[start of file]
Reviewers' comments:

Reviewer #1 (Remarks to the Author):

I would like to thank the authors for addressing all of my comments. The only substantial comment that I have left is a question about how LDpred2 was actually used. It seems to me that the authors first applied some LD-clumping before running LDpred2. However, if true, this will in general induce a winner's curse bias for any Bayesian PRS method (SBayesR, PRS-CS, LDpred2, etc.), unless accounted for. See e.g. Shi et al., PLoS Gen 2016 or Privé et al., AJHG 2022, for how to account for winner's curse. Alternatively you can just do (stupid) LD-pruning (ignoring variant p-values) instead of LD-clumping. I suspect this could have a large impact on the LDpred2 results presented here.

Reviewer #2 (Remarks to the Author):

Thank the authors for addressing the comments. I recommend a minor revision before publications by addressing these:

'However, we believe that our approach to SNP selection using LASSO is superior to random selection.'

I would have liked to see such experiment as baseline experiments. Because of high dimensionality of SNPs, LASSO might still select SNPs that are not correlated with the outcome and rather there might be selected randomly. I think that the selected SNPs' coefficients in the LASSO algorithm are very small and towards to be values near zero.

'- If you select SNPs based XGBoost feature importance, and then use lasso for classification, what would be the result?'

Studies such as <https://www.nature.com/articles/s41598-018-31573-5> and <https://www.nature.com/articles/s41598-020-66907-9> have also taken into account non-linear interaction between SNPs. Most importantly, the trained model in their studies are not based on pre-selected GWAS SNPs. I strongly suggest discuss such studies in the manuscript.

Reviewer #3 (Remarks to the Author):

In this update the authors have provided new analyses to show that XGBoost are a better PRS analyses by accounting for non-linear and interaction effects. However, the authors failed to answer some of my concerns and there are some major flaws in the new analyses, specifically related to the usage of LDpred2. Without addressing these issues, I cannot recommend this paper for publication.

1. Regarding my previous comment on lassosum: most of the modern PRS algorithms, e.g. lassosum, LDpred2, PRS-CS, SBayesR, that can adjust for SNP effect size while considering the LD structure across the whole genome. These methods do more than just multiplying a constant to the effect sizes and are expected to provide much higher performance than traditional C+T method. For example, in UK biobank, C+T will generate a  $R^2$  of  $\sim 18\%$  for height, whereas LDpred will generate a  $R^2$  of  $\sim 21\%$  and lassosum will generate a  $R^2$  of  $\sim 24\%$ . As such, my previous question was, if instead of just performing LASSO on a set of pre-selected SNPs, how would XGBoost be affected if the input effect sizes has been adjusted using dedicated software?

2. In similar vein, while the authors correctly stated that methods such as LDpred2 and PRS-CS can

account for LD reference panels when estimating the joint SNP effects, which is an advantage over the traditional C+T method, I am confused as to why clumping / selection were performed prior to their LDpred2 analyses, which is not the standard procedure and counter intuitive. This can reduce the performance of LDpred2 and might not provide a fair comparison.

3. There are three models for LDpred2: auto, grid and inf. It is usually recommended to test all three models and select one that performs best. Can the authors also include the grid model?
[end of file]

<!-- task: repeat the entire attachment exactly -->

Reviewers' comments:

Reviewer #1 (Remarks to the Author):

I would like to thank the authors for addressing all of my comments. The only substantial comment that I have left is a question about how LDpred2 was actually used. It seems to me that the authors first applied some LD-clumping before running LDpred2. However, if true, this will in general induce a winner's curse bias for any Bayesian PRS method (SBayesR, PRS-CS, LDpred2, etc.), unless accounted for. See e.g. Shi et al., PLoS Gen 2016 or Privé et al., AJHG 2022, for how to account for winner's curse. Alternatively you can just do (stupid) LD-pruning (ignoring variant p-values) instead of LD-clumping. I suspect this could have a large impact on the LDpred2 results presented here.

Reviewer #2 (Remarks to the Author):

Thank the authors for addressing the comments. I recommend a minor revision before publications by addressing these:

'However, we believe that our approach to SNP selection using LASSO is superior to random selection.'

I would have liked to see such experiment as baseline experiments. Because of high dimensionality of SNPs, LASSO might still select SNPs that are not correlated with the outcome and rather there might be selected randomly. I think that the selected SNPs' coefficients in the LASSO algorithm are very small and towards to be values near zero.

'- If you select SNPs based XGBoost feature importance, and then use lasso for classification, what would be the result?'

Studies such as <https://www.nature.com/articles/s41598-018-31573-5> and <https://www.nature.com/articles/s41598-020-66907-9> have also taken into account non-linear interaction between SNPs. Most importantly, the trained model in their studies are not based on pre-selected GWAS SNPs. I strongly suggest discuss such studies in the manuscript.

Reviewer #3 (Remarks to the Author):

In this update the authors have provided new analyses to show that XGBoost are a better PRS analyses by accounting for non-linear and interaction effects. However, the authors failed to answer some of my concerns and there are some major flaws in the new analyses, specifically related to the usage of LDpred2. Without addressing these issues, I cannot recommend this paper for publication.

1. Regarding my previous comment on lassosum: most of the modern PRS algorithms, e.g. lassosum, LDpred2, PRS-CS, SBayesR, that can adjust for SNP effect size while considering the LD structure across the whole genome. These methods do more than just multiplying a constant to the effect sizes and are expected to provide much higher performance than traditional C+T method. For example, in UK biobank, C+T will generate a  $R^2$  of  $\sim 18\%$  for height, whereas LDpred will generate a  $R^2$  of  $\sim 21\%$  and lassosum will generate a  $R^2$  of  $\sim 24\%$ . As such, my previous question was, if instead of just performing LASSO on a set of pre-selected SNPs, how would XGBoost be affected if the input effect sizes has been adjusted using dedicated software?

2. In similar vein, while the authors correctly stated that methods such as LDpred2 and PRS-CS can

account for LD reference panels when estimating the joint SNP effects, which is an advantage over the traditional C+T method, I am confused as to why clumping / selection were performed prior to their LDpred2 analyses, which is not the standard procedure and counter intuitive. This can reduce the performance of LDpred2 and might not provide a fair comparison.

3. There are three models for LDpred2: auto, grid and inf. It is usually recommended to test all three models and select one that performs best. Can the authors also include the grid model?